Another switch. "Light on!" you say. Together we reach for the light. And then you reach for my glasses. One year ago, you reached for the reflections in my glasses and knocked them to the hospital floor. They almost broke! Is it the reflections that attract you? Do you want to tease me by holding them out over the floor and laughing? Or, is it that you want to see my eyes without the glare?


There, you have the glasses in your hand. Now, without reflection, I can see you better too.

Wrapped to my chest this morning of your second birthday, I carried you into the bay, where the low tide had bared an underwater beach. I had to balance my steps, adjusting to each gully, hill, ravine, pile of debris. Every step required that I remember and practice the yoga lessons of long ago. Only now, you are my teacher, riding my back giving quiet, singsong instructions (in my ear).

Clouds dampened our walk out to where the deep, dark water had been only hours before. As I was your feet, you were my eyes. Our hearts were one. Pacing myself as I often do for endurance when I walk with you, I sang this song, and you hummed along:

My boy Micah sure is fine

When he smiles, he sure does shine

When we walk we feel real fine

Yes, my boy Micah sure is fine.

My boy Jonah sure is fine

When he smiles, he sure does shine

Both boys give love most the time

Yes, my boy Jonah sure is fine.

Your older brother walked ahead, looking for the ripples in the sand that mark the memory of clams digging in. If your brother digs some up, we'll have clams for dinner. Stuck in the mud, the luckier clams wait for the tide to return.

You and I explored more slowly the underwater world now exposed, with all its bounty laid before us like gifts from the universe. If Darwin's stories are true, our ancestors crawled this sandy bottom millions of years ago. I only wish you could crawl here now.

A blanket of crushed shells suddenly spread before us like a brightly speckled galaxy of many colors. They lay in a swirl, as if a tornado had gently touched down and arranged them there. I bent over so that your hands could sift through the sea's debris. You were delighted!

Unwrapping you and sitting you down in the center of the wet shells, I wondered why these broken bits of life's discarding seemed so precious to you. From your hand, I took the small plastic pail you had carried our long journey all by your self. "Will you stay sitting while I fetch water from the tide pool?" I asked.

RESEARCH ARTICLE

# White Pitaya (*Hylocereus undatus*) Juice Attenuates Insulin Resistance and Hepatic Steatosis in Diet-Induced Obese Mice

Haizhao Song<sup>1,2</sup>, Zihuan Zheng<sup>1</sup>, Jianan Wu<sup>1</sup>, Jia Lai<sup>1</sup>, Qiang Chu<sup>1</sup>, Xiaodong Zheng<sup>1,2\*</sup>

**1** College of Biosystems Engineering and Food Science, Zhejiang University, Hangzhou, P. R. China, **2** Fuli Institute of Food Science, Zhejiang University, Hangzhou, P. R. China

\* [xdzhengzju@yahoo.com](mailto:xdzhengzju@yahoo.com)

"All by self!" you said, sitting straight and not falling over. I walked to the pool, filled the pail and returned to you. A small miracle had occurred: You were still sitting up! I sat down behind you like an old familiar chairback, and together we dug a pit in front of us and poured a small pond into it. I put my hand on top of yours, and together we picked up handfuls of sand and shells and dripped the contents on a tower rising slowly before us. We were strongly connected -- as friends who have one aim in common.

Of course, not every drip had the same success, and some drips knocked parts of the tower down. We knew that eventually the tide would take the tower and all the drips away. But, eventually was not our concern. In that moment, we were totally engrossed, bonded to enjoying the play.

I looked out over the bay to see other people digging for clams, chasing snipes, chasing each other -- and I was envious. I yearned for you to be running along behind your brother doing the same things! Instead, my plight seemed a great burden, and at first I felt hollow inside. But as I let myself be still, sitting with you, a gentle serenity grew in me as it must in one who finds the joy of being alive in the stillness of the eye of a hurricane.

"All by self," came your still, small voice into my thoughts. Though you were not like the others, in your own way you took great leaps. Then you spoke your words for the waterfall we had seen the day before: "Up and down shower," you said, as you let drip before me, all by yourself, a rainbow waterfall of shattered shells.

The clouds parted, and our world lit up as if flashed with color film. It seemed as if paint had dripped onto this newly-revealed seascape -- into the fragments of shell -- into our legs and clothes and faces. Everywhere, everything warmed as we became one with the teeming life around us. It was all there for us to take up or discard as we chose. As if all prior creation had been for the purpose of our coming to this moment, sitting still together.

PHOTO : Micah Taylor playing in the sand.

PHOTO : Ron Taylor and his son, Micah, 5, sharing a special moment under the summer sun.

Ron Taylor works as a freelance writer and producer of educational films and videos. He holds a bachelor of arts in humanities and a master's degree in photography and cinema from Illinois Institute of Technology. Taylor lives in Boulder, Colorado with his wife, Judith Bea, and children, Jonah, 9, and Micah, 5.
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Author:Taylor, R. W.
Publication:The Exceptional Parent
Date:Mar 1, 1990
Previous Article:Play is important.
Next Article:Looking at the past and the future; a message from our new Assistant Secretary of Education.